Image by 123RF
By Debra A. Finnel, CEO, Ilumed
The current Medicare healthcare system is broken. It incentivizes the wrong actions. It benefits those looking to make a profit while it bulldozes over the people it purports to care for. The current system does not benefit taxpayers, beneficiaries, or healthcare providers. Some industry insiders suggest that fee-for-service (FFS) care is the solution. It is not.
How the healthcare system broke down
A large percentage of experts suggest that private insurers and pharmaceutical companies are to blame for the state of Medicare today, but that doesn’t paint the full picture. Back in the 1980s, primary care physicians (PCPs) spent their lunch breaks doing rounds at the hospital, visiting their patients who were hospitalized, keeping their finger on the pulse of their care. If they had patients living in skilled nursing facilities (SNFs), they called those facilities at the end of each day. They took responsibility for their patients’ care no matter where they were. They were the connection for their patients.
But over the years, the system became fragmented and siloed. The hospitalists and intensivists didn’t know what the PCPs were doing and vice versa. PCPs got cut off from the patient. As a result, they started picking up more patients for their panels, spawning the churn-and-burn situation of today. The average PCP exam lasts 18 minutes according to a School of Public Health at the University of Minnesota study, yet longer appointments are critical for clinically complex patients—such as many Medicare beneficiaries who have one or more chronic conditions.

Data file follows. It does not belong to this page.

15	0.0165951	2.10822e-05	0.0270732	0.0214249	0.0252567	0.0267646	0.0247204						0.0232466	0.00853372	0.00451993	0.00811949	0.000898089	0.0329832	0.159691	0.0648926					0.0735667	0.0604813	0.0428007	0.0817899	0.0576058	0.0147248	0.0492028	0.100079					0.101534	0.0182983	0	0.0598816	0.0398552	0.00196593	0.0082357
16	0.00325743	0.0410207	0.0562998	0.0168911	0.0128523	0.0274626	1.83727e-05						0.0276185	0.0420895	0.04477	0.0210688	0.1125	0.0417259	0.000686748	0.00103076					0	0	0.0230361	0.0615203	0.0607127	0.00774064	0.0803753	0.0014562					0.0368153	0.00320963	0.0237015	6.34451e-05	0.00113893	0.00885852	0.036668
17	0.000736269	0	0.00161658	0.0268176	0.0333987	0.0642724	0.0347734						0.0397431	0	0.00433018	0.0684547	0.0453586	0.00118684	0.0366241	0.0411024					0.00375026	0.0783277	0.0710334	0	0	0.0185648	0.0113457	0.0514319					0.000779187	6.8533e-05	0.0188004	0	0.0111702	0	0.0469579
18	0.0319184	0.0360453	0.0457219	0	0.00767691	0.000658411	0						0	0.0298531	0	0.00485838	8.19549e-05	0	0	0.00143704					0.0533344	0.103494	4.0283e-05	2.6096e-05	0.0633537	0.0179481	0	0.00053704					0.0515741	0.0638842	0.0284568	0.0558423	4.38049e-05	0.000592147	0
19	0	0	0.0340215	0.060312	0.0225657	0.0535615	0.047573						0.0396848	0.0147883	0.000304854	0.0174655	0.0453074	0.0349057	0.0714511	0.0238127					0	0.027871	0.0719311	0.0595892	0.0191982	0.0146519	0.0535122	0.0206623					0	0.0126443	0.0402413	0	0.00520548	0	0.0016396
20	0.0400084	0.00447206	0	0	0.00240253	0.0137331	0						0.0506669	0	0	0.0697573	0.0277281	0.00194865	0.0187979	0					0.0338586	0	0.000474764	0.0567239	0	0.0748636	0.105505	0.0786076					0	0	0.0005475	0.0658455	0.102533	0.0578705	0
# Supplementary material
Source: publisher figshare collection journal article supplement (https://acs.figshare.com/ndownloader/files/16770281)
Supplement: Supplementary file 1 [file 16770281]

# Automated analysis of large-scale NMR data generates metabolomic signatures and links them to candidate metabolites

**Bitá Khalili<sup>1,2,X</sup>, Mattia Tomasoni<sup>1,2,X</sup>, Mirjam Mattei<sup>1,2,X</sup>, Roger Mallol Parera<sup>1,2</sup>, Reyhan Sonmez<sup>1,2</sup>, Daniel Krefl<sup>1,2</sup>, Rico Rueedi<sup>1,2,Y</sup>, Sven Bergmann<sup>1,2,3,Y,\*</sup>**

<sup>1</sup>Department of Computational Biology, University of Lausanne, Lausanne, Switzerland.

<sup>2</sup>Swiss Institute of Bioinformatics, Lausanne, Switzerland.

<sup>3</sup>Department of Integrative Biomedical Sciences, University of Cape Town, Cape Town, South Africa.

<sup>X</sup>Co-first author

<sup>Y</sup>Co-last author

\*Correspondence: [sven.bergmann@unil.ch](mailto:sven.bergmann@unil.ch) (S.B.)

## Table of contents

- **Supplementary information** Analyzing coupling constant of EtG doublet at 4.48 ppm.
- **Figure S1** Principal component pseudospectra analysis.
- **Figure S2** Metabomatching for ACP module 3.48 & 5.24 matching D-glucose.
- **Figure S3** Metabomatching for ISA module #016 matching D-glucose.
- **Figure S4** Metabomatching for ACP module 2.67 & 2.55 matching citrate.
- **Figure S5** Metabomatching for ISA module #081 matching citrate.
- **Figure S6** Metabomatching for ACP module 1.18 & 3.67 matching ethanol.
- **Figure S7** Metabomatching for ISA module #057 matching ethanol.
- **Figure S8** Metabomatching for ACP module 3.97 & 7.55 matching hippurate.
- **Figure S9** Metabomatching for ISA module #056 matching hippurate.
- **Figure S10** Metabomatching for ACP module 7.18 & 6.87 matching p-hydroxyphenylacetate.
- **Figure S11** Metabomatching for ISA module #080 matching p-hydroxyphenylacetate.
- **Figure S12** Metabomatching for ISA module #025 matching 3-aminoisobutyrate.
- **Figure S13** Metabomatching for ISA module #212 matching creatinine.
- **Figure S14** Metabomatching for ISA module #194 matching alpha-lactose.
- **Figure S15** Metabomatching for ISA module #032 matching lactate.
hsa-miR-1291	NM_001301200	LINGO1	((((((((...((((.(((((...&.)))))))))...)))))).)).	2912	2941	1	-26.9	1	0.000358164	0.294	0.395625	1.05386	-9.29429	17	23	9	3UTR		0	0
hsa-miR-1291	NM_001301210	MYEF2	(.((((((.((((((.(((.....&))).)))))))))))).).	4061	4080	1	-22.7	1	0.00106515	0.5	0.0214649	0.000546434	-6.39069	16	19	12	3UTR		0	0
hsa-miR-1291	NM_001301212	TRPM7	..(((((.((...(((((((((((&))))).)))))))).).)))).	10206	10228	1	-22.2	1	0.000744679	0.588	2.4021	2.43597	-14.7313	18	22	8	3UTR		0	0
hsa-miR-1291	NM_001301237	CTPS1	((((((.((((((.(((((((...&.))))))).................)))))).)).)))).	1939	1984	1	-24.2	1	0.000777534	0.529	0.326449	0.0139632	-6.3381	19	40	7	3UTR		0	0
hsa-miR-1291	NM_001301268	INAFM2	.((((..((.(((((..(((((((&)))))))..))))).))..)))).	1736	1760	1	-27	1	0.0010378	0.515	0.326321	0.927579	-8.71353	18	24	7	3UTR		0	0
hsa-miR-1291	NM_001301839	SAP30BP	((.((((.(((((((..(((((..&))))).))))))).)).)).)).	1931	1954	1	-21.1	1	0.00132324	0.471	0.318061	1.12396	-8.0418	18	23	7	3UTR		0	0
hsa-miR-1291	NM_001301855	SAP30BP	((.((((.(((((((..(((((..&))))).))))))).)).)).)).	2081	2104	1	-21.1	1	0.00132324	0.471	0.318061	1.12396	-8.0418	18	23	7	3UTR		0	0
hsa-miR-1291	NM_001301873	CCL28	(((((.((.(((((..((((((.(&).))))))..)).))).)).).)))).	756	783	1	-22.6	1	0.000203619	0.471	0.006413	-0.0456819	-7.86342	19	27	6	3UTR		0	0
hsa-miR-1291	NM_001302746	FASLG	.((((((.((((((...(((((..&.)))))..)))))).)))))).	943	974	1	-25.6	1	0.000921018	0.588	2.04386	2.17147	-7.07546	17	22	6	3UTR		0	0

The rise of specialists coincided with these industry shifts. Doctors fresh out of med school saw they could make more money as specialists. As a result, patients started seeing a cardiologist, a pulmonologist, a nephrologist separately. No provider was connecting the dots. Patients were on their own to navigate not only the system but their various treatments. The prescriptions stacked up as did the adverse medication events.
Why FFS care is not the answer
Some claim FFS is the way to keep Medicare solvent. But the truth is, FFS doesn’t solve Medicare’s solvency problems because it’s not trying to solve the root issue: sicker people living longer and requiring more complex care.
FFS patients are left to navigate an increasingly complex system on their own. As a result, often their health is not improving and they are most certainly not paying less for the care they do receive. In fact, the opposite is happening, all because of the erosion of the aforementioned fundamental relationship: the PCP and patient. You see, FFS doesn’t incentivize doctors to think holistically or preventively. It doesn’t give providers the tools to treat the most at-risk patients and to address their underlying barriers to health. At best, FFS is a Band-Aid reaction. At worst, it exacerbates silos and causes more fragmentation in the system.
Going Back to the Basics: Putting Patients First